The Bridge of San Luis Rey

by Thornton Wilder

Rating: ★★★★

A bridge collapses in Peru. Five people are killed. A priest with a history of attempting to prove God's glory to the doubters decides to use this as an opportunity. He investigates the lives of these five, so much as he is able, to attempt to discern why it is they should die. His findings are laid out, bare of interpretation, for the reader to examine.

Perhaps typically, this is viewed as heresy, and the priest will later be burnt alive with his book, which was seen as attacking that which it set out to defend (and at any rate, we should not try to discern God's will, or something). While no overt judgement is passed in the text, it seems to me fairly clear that there is no direction or cosmic pattern behind the selection of these five. Some knew each other, but that is unsurprising for people crossing a bridge at the same time. None of their lives have strong parallels, they are neither great sinners nor saints. It is hard to see how this can be read as anything other than a denial of God, but then I thought the same of Life of Pi, so who knows?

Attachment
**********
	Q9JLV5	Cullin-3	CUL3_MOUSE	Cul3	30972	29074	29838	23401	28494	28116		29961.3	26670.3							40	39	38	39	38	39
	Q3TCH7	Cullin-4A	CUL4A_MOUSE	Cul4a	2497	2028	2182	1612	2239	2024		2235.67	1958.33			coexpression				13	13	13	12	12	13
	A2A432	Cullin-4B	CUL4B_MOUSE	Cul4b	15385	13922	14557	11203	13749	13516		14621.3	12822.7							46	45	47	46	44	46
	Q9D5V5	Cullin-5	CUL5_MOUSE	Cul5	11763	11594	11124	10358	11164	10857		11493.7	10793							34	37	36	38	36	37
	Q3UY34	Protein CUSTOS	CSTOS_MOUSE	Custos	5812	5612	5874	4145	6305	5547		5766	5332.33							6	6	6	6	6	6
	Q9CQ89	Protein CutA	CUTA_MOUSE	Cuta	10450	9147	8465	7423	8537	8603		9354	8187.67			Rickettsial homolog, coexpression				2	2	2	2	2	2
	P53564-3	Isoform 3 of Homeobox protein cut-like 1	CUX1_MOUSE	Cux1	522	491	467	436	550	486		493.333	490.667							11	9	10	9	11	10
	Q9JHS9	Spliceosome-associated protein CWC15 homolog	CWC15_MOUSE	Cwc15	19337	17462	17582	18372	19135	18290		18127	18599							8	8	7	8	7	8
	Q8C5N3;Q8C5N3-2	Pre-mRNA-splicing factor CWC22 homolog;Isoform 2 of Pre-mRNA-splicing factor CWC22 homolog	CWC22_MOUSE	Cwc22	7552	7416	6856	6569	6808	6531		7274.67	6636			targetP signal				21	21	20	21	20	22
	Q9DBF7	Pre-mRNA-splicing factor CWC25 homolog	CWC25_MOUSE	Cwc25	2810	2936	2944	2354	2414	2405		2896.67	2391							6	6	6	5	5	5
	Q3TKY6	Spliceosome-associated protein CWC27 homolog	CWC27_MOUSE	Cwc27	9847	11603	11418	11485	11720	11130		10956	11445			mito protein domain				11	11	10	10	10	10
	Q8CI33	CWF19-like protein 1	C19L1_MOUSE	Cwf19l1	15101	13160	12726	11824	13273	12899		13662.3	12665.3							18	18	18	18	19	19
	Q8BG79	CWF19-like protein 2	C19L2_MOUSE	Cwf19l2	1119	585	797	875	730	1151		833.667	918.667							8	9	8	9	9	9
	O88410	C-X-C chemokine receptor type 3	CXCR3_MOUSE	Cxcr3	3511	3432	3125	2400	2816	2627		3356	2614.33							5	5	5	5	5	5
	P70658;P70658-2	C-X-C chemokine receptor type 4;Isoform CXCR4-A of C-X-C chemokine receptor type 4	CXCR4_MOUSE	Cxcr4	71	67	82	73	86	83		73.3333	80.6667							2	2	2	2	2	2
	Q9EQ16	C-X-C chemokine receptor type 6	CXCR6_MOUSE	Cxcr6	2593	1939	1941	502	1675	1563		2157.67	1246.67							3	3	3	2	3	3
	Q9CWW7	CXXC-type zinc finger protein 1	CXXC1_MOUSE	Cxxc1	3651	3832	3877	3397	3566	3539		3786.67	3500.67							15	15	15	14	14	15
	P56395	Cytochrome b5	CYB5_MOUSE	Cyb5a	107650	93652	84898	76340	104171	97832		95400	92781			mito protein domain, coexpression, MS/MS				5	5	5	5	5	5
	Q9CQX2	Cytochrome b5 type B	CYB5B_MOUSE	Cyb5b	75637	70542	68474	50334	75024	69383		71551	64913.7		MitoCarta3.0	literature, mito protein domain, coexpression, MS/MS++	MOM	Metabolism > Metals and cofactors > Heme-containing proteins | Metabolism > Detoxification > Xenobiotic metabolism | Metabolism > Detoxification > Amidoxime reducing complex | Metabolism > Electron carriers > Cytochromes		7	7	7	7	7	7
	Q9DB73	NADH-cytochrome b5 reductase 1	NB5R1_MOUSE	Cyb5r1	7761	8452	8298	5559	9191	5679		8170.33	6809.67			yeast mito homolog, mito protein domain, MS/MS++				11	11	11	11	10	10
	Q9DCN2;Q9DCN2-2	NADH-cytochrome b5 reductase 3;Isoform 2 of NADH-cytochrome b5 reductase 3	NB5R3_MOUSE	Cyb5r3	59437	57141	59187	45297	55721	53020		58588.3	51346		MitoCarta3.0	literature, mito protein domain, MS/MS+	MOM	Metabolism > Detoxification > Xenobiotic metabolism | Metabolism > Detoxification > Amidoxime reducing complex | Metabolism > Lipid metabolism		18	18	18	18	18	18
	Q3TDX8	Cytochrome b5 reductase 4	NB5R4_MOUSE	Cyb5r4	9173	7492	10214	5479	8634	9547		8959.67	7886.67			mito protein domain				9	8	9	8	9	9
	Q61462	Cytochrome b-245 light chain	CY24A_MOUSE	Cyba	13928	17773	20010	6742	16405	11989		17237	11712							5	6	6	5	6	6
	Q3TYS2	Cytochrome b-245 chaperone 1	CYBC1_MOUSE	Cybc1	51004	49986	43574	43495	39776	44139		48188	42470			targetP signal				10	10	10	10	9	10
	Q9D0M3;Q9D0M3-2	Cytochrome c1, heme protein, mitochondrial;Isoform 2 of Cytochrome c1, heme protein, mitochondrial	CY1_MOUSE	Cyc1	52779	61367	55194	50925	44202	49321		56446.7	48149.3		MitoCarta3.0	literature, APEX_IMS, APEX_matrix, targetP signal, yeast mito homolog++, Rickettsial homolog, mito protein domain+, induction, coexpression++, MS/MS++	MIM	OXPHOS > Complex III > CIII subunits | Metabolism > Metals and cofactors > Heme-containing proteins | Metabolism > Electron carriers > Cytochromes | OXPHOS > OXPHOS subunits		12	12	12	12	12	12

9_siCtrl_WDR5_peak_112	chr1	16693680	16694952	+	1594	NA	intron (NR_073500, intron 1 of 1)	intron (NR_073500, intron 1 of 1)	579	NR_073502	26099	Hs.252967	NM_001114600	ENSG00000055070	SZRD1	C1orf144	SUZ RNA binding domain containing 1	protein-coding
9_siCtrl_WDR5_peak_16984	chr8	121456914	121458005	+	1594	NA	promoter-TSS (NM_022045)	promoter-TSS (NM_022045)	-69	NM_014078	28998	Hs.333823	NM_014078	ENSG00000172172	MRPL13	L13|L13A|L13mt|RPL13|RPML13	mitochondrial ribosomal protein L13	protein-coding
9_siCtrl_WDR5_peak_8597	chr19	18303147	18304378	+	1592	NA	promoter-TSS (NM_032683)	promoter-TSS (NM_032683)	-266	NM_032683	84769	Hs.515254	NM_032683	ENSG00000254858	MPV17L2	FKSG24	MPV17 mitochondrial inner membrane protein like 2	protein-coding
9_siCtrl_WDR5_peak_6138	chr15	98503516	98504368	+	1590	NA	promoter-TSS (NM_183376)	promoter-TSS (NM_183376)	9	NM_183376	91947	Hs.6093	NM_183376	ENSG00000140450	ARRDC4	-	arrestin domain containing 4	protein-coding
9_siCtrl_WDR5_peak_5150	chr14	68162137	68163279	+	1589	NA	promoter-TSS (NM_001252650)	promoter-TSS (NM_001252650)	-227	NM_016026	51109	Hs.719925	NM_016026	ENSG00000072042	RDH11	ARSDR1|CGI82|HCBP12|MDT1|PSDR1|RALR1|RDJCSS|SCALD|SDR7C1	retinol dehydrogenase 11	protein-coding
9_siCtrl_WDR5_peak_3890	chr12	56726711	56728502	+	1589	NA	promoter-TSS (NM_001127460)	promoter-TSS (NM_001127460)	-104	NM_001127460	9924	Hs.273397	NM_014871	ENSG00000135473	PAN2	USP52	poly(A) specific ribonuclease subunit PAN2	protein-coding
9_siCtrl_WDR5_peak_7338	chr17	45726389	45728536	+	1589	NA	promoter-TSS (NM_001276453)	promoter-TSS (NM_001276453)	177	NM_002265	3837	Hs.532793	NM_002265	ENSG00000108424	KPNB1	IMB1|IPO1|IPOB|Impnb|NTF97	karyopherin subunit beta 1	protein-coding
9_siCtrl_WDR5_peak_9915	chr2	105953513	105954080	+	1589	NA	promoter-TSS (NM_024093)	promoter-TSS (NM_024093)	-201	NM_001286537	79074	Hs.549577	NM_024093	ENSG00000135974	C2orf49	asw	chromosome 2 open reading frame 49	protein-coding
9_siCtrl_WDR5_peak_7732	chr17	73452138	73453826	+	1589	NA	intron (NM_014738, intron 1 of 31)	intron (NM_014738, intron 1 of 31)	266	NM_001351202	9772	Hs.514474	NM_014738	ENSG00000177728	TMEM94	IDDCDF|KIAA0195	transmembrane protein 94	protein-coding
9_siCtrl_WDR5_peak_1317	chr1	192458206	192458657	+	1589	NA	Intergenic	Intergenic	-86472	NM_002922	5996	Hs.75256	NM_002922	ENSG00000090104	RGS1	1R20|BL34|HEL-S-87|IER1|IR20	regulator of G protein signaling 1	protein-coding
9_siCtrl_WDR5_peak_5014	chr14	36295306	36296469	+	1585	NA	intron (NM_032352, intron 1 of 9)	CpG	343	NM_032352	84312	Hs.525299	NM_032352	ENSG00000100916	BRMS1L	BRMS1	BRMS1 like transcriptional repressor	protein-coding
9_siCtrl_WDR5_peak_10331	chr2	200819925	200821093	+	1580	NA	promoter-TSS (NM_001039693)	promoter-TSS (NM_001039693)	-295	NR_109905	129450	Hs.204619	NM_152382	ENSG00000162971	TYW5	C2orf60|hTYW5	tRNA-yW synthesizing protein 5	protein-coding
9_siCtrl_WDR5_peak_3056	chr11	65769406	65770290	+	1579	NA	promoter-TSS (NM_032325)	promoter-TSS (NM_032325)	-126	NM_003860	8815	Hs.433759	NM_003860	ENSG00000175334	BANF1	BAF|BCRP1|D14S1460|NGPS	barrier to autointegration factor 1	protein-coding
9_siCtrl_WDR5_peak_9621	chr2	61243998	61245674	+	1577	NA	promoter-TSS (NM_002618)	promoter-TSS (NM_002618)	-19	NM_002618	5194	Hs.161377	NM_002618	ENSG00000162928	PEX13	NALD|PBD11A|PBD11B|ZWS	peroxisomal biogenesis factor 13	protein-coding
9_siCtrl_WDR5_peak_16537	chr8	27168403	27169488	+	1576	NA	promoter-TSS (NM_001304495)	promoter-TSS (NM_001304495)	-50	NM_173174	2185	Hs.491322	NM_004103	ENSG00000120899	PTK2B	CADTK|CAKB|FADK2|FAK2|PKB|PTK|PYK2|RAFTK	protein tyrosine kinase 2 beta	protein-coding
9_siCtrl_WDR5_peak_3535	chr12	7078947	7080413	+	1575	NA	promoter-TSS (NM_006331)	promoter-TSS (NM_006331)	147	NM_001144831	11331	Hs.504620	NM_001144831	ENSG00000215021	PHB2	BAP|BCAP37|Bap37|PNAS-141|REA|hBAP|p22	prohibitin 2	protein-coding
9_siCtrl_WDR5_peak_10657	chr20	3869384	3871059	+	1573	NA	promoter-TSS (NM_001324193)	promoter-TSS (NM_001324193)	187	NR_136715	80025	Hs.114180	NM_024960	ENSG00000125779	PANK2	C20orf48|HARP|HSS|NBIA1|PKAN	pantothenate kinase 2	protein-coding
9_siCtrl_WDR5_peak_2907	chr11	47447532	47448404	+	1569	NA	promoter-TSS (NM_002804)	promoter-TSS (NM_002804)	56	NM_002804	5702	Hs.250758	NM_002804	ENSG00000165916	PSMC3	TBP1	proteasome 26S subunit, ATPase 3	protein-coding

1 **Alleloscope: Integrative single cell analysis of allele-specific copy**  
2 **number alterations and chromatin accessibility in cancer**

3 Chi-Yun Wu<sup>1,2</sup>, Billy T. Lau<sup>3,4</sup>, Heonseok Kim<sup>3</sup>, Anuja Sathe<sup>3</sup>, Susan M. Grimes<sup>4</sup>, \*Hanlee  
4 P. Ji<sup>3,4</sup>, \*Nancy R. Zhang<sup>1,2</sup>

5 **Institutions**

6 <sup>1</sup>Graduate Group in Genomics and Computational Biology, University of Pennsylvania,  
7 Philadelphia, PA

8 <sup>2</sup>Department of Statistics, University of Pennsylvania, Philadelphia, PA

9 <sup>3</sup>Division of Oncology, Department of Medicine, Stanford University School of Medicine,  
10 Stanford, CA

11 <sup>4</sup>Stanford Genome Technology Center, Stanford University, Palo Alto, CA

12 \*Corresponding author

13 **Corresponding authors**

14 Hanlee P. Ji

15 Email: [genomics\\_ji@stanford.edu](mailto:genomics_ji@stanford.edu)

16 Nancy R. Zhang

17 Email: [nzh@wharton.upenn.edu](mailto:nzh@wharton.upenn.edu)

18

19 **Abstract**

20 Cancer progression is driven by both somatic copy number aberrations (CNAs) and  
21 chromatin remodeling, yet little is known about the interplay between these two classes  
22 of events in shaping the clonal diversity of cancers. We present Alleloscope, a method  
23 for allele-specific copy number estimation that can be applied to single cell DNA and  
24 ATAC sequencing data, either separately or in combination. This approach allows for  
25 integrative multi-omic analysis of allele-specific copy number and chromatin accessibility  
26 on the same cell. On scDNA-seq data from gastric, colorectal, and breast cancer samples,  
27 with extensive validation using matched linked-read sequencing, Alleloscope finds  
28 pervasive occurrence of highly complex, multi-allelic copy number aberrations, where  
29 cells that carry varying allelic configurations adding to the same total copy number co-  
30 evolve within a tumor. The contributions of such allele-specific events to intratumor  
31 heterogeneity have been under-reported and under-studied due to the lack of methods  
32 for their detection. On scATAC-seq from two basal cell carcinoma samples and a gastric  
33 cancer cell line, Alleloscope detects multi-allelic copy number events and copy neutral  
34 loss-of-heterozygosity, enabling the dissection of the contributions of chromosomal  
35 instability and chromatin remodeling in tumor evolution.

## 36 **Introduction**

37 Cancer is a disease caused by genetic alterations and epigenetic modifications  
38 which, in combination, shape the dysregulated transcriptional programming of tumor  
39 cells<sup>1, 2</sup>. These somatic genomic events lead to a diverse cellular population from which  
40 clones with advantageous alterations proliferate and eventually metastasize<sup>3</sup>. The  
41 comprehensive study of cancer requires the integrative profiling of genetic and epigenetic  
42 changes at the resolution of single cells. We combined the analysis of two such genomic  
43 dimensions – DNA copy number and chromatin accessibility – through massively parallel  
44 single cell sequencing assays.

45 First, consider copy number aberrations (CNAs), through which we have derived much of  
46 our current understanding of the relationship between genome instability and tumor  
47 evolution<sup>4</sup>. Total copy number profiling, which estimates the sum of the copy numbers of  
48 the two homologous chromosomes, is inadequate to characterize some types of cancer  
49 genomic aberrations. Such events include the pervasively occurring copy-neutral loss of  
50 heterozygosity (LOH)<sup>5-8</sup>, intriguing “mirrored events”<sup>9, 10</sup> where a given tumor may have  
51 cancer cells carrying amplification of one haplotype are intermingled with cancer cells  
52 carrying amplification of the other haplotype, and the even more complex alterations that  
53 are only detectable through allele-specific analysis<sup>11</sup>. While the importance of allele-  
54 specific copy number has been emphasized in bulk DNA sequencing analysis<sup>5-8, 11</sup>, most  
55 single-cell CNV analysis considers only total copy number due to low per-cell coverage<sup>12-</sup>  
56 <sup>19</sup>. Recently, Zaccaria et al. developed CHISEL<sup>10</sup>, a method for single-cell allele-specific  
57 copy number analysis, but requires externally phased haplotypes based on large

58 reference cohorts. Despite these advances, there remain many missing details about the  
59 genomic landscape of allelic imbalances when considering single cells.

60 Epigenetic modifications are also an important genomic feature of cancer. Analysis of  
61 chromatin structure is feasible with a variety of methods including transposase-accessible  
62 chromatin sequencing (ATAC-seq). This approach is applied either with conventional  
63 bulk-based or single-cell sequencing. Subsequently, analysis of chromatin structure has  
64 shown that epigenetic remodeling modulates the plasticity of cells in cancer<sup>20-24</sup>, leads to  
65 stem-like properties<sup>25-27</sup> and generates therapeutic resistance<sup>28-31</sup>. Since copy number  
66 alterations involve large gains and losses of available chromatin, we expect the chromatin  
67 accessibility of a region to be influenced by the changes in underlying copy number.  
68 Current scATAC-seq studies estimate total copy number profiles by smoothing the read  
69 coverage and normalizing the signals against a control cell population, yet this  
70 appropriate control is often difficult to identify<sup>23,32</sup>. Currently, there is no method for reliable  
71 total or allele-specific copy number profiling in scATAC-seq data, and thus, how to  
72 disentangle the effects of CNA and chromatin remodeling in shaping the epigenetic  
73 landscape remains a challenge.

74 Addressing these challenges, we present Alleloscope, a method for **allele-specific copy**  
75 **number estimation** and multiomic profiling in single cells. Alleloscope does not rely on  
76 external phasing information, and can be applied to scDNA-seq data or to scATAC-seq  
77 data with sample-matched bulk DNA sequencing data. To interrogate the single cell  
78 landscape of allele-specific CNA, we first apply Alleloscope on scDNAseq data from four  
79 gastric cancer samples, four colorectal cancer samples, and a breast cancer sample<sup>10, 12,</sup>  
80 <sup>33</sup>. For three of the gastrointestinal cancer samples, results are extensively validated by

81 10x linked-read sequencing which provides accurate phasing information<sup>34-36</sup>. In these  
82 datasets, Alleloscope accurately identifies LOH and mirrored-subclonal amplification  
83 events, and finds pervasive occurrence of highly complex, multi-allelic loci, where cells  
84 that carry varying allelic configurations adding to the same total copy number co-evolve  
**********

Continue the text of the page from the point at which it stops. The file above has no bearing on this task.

If the message of the book is intended to be nothing more than the shrug of 'shit happens', then it is a simple message being wrapped in some poetic writing. Wilder conjures a range of human experience in his tally of five lives (though in fact much attention is given to a survivor, perhaps as a bluff), and does so in an economical and fatalistic manner, with the occasional spark of morbid humour ("He promised the boy that they would stop for breath when they had crossed the bridge. As it turned out, that would prove unnecessary"). Certainly not as tedious or serious as some of its most-quoted lines and descriptions make it sound, and short enough to easily read in one sitting, The Bridge of San Luis Rey seems ideal for a reader you're aiming at introducing to 'literary' fiction, and ripe with material for a book group discussion.